With his background in developing SMS services, Daniel Döderlein was annoyed by the fact that money could not change hands as easily and quickly as sending a text message. Döderlein decided to figure out why.
The idea of sending and receiving money instantly using your mobile phone came to Döderlein in the summer of 2006, about a year prior to the iPhone being launched. “I remember how I stared down on my Nokia phone, wondering how I could make money move as fast as text messages,” says Döderlein, 36.
Döderlein’s keen thinking came from the fact that he has always been a problem solver and a doer ever since he started his first company at the age of 17. “I went to the Rudolf Steiner School and credit it for stimulating my diverse thinking. I have both won and lost in business and value my losses higher than my wins. It’s easier not to make the same mistake twice than to replicate wins,” says Döderlein.
Döderlein roped in Kjetil Malmedal-Nes, his friend from the banking sector, and Lars Thomas Stene, his lawyer and business partner from another mobile venture. Together they formed the original founding team.
Döderlein says the initial idea was simply to make it easy to pay and get paid, anywhere, using your mobile phone. “It has grown into a monster of a system where the easy to use consumer app is backed by a complex payments infrastructure connecting financial institutions, merchants, and consumers in a real time payment and information sharing network. So now we serve banks, merchants, and consumers,” says Döderlein.
In a nutshell, mCash is an app that can connect your phone to all your money and pay to anyone, anywhere. It’s the mobile bank and a payment app to rule them all. For merchants’, mCASH is a brand new payment network, enabling easier, faster, cheaper and more intelligent payments in all channels. For banks, mCASH is a next generation payment service that enables the bank to meet the growing demand for easy to use mobile payment services, including p2p payments, and offering merchant services that outperforms those of the old card schemes.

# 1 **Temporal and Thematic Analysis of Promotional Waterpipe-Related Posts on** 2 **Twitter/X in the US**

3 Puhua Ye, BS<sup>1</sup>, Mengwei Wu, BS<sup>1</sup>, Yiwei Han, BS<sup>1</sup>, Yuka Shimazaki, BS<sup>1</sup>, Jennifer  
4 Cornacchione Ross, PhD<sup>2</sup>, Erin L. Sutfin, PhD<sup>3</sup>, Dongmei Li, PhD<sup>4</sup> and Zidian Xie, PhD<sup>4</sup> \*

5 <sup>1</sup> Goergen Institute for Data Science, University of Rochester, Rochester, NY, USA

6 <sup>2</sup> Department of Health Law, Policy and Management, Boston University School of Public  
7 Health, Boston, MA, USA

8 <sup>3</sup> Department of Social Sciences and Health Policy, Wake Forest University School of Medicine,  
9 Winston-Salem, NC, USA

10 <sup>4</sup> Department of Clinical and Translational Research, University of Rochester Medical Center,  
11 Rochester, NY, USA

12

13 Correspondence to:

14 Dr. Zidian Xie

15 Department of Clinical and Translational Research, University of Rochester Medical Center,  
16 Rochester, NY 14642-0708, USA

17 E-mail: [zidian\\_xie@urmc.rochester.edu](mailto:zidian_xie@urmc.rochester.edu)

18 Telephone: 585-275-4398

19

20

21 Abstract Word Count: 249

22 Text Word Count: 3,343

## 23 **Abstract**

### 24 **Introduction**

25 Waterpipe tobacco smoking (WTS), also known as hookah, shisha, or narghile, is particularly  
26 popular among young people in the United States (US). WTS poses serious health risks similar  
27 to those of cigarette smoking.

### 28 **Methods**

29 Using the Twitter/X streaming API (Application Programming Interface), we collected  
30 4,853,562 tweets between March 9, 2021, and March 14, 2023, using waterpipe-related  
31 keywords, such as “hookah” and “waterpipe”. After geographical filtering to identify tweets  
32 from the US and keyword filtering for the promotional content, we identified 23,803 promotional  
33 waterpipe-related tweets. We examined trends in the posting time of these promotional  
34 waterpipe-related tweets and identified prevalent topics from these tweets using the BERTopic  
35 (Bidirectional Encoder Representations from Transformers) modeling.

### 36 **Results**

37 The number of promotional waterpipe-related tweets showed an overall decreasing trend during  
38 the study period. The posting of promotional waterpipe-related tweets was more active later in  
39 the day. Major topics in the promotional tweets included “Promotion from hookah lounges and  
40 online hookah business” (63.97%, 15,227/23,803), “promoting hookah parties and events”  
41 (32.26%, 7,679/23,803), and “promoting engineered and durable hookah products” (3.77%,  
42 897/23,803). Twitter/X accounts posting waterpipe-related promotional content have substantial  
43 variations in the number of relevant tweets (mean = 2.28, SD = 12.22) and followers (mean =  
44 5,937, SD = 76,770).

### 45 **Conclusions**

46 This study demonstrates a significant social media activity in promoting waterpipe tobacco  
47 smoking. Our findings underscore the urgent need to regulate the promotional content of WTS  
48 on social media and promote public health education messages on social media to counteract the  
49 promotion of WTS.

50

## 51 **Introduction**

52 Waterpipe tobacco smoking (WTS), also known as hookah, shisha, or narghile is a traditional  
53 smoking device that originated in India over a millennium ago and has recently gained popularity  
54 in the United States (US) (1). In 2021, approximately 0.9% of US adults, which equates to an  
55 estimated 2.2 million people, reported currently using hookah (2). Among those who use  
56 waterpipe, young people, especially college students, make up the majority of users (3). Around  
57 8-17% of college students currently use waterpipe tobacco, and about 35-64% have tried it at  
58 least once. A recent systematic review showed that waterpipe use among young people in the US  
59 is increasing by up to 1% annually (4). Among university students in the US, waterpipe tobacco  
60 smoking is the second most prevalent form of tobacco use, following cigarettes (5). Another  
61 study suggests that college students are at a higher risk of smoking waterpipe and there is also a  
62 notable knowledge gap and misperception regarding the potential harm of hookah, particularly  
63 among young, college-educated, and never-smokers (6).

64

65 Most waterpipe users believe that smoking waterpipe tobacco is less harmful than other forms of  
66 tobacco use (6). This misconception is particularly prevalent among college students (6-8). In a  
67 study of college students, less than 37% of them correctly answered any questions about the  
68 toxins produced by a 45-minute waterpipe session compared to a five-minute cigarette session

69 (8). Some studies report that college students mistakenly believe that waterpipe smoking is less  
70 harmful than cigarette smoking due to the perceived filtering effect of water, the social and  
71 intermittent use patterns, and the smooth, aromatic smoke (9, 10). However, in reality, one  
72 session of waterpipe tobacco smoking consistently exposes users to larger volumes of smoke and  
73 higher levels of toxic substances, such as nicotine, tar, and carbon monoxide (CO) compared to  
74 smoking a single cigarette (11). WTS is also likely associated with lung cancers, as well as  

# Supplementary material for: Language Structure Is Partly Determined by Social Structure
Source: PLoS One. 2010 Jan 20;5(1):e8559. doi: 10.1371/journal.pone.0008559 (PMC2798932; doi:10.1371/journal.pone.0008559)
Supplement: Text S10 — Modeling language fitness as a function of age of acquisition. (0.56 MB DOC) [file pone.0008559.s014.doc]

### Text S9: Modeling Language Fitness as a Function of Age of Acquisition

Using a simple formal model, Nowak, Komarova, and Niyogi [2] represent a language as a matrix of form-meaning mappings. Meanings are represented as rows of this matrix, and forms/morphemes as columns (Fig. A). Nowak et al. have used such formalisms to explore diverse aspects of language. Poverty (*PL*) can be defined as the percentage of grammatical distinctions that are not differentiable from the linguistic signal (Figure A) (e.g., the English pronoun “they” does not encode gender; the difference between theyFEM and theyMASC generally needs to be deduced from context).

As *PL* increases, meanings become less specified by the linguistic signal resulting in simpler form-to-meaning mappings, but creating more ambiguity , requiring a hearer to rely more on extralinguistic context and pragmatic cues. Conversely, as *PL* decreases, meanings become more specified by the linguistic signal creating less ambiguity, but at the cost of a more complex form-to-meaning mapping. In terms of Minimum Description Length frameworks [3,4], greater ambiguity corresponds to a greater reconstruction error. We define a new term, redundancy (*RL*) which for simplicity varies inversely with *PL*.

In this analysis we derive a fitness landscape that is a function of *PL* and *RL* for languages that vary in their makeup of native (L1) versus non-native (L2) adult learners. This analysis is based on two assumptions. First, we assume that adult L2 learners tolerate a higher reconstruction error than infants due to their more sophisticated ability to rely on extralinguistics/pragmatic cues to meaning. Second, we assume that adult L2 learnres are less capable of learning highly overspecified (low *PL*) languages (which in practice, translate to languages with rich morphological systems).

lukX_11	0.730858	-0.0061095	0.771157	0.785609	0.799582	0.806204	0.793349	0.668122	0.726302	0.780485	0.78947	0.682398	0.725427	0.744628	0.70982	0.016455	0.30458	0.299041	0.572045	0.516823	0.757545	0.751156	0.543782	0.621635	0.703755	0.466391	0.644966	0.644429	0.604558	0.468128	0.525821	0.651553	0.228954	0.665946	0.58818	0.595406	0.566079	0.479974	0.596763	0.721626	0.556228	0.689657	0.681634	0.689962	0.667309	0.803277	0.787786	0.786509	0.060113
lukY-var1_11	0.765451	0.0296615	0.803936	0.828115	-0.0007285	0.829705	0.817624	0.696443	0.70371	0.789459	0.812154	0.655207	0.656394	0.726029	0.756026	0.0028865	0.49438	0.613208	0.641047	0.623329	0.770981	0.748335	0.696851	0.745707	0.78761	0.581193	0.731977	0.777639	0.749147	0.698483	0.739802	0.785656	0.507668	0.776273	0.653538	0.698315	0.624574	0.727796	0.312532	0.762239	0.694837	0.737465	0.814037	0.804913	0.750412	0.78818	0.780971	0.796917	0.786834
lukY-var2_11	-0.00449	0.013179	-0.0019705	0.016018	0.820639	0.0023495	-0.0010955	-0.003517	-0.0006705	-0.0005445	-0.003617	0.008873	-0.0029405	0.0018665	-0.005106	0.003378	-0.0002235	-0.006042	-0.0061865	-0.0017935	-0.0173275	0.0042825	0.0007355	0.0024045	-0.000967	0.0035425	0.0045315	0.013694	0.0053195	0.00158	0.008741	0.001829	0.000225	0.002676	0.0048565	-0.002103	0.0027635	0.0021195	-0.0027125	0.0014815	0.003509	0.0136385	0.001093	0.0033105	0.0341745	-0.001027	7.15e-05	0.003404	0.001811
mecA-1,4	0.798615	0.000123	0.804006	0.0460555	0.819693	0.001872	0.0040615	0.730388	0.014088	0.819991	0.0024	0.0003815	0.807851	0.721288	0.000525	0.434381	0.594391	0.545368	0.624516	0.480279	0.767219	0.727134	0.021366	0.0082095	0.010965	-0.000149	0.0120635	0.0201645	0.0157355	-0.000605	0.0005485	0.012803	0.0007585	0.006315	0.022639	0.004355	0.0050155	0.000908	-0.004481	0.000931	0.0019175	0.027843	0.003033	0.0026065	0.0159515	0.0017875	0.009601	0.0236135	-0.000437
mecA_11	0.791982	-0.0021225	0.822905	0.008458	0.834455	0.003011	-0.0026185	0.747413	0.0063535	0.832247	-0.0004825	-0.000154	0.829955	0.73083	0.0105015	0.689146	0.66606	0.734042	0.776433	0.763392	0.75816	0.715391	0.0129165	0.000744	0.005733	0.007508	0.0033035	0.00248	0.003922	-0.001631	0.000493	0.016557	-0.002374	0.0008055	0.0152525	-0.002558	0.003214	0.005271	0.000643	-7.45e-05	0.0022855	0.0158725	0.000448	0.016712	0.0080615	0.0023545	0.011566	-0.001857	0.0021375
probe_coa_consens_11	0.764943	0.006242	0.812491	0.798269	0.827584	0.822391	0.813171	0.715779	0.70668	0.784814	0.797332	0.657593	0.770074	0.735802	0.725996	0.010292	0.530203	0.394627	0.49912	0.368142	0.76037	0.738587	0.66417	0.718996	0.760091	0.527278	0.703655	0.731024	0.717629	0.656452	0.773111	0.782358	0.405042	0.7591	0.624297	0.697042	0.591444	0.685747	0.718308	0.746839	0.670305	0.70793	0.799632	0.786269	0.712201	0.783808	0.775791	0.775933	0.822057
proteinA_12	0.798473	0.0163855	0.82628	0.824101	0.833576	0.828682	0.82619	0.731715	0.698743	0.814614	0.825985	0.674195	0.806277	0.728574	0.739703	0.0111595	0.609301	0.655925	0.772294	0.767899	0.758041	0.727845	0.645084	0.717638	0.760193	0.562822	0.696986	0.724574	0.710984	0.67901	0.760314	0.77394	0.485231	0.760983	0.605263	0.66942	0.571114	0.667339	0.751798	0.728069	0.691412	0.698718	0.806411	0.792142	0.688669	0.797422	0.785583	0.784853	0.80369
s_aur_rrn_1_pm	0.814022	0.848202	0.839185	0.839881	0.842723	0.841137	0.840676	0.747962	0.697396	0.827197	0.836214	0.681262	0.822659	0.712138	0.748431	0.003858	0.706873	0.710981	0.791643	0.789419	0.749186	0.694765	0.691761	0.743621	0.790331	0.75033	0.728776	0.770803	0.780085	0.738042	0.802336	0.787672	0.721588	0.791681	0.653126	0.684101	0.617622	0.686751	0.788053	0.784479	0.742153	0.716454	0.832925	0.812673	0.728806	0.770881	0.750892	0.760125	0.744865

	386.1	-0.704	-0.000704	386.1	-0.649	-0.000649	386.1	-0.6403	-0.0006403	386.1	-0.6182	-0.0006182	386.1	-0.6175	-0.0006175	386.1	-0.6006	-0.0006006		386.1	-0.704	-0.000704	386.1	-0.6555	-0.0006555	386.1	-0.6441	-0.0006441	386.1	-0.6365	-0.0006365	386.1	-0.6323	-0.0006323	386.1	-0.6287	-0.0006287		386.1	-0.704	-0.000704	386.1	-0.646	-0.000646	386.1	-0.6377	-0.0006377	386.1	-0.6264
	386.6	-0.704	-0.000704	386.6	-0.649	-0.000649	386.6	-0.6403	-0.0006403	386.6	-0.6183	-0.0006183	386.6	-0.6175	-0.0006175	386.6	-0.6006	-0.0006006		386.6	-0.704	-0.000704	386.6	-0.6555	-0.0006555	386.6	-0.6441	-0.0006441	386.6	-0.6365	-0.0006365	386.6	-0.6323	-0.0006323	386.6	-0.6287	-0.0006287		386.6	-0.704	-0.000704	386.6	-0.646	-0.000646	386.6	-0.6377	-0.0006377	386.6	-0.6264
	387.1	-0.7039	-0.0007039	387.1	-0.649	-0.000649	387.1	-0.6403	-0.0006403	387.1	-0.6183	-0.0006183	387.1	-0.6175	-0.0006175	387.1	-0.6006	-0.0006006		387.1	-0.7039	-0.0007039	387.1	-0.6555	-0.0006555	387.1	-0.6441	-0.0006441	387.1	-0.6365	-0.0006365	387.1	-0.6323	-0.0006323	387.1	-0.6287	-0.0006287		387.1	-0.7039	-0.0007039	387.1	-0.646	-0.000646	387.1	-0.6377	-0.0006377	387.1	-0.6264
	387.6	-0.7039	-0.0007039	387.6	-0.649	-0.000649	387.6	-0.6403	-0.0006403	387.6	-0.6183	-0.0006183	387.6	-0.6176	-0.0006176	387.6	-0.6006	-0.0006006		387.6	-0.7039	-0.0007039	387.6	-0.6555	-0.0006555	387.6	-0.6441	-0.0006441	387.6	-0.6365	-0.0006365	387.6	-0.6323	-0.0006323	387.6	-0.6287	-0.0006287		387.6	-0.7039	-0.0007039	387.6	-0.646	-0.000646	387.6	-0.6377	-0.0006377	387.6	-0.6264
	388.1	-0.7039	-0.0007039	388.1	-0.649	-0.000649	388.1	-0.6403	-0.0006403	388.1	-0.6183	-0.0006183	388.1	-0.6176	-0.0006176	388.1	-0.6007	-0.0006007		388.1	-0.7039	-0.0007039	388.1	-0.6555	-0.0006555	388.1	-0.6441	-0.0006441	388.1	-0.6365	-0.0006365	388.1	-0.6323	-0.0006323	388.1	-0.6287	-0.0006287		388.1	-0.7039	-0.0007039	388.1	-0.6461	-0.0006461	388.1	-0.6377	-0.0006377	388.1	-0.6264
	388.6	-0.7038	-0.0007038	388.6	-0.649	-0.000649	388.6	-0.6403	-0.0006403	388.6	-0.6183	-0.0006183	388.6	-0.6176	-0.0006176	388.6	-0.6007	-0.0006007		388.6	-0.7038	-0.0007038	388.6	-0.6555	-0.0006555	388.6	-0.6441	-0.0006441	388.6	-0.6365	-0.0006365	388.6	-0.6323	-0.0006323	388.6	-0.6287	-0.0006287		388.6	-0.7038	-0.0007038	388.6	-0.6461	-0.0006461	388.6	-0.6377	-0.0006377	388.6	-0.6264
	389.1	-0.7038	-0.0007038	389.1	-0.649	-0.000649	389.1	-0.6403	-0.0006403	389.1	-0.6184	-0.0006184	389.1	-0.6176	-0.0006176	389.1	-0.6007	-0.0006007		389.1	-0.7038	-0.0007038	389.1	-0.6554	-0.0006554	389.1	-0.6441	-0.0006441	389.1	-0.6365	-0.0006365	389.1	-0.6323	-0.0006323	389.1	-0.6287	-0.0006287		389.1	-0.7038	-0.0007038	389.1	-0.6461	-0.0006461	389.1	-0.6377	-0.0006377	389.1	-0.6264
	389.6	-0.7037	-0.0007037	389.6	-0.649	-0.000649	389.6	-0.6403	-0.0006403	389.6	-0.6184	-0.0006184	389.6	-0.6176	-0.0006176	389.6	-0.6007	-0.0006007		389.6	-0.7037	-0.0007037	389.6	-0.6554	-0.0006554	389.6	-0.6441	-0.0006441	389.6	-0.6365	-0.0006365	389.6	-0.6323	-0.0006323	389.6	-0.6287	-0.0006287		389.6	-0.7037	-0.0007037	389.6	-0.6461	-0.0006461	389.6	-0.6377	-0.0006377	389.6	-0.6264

Döderlein says the key differentiator lies in the fact that most of the mobile payment services offered are based on the old rails, but mCASH has built new rails that are more efficient for both banks and merchants. This reduces the cost of transactions for merchants while increasing the transaction revenue (as a result of reduced cost or fewer sharing parties) for the banks. “We are not makeup on a pig, we are a whole new animal all together,” says Döderlein.
Getting it to work:
Starting mCash was tough, and the founding team worked for free for a long time. The startup managed to get some industry savvy angels to back them before they finally had a product they could show to the VC’s and close some serious bucks.
Besides the money mCash raised from angels, the company has received 43 Million NOK (about 5 million Euro at today’s rate) in VC funding (Series A) from NorthZone and Entre Capital.
Investor interest for mCash stems from the fact that the app allowed a user to conduct instant p2p payments from their phone, from any funding source, and send the money to a mobile phone number or a bank account. “You can pay by the click of a button on websites and inside apps and share shipping address where you want to. For merchant payments in store, it works on all phone types without having to validate if you have the right phone, Telco, card, etc, “says Döderlein.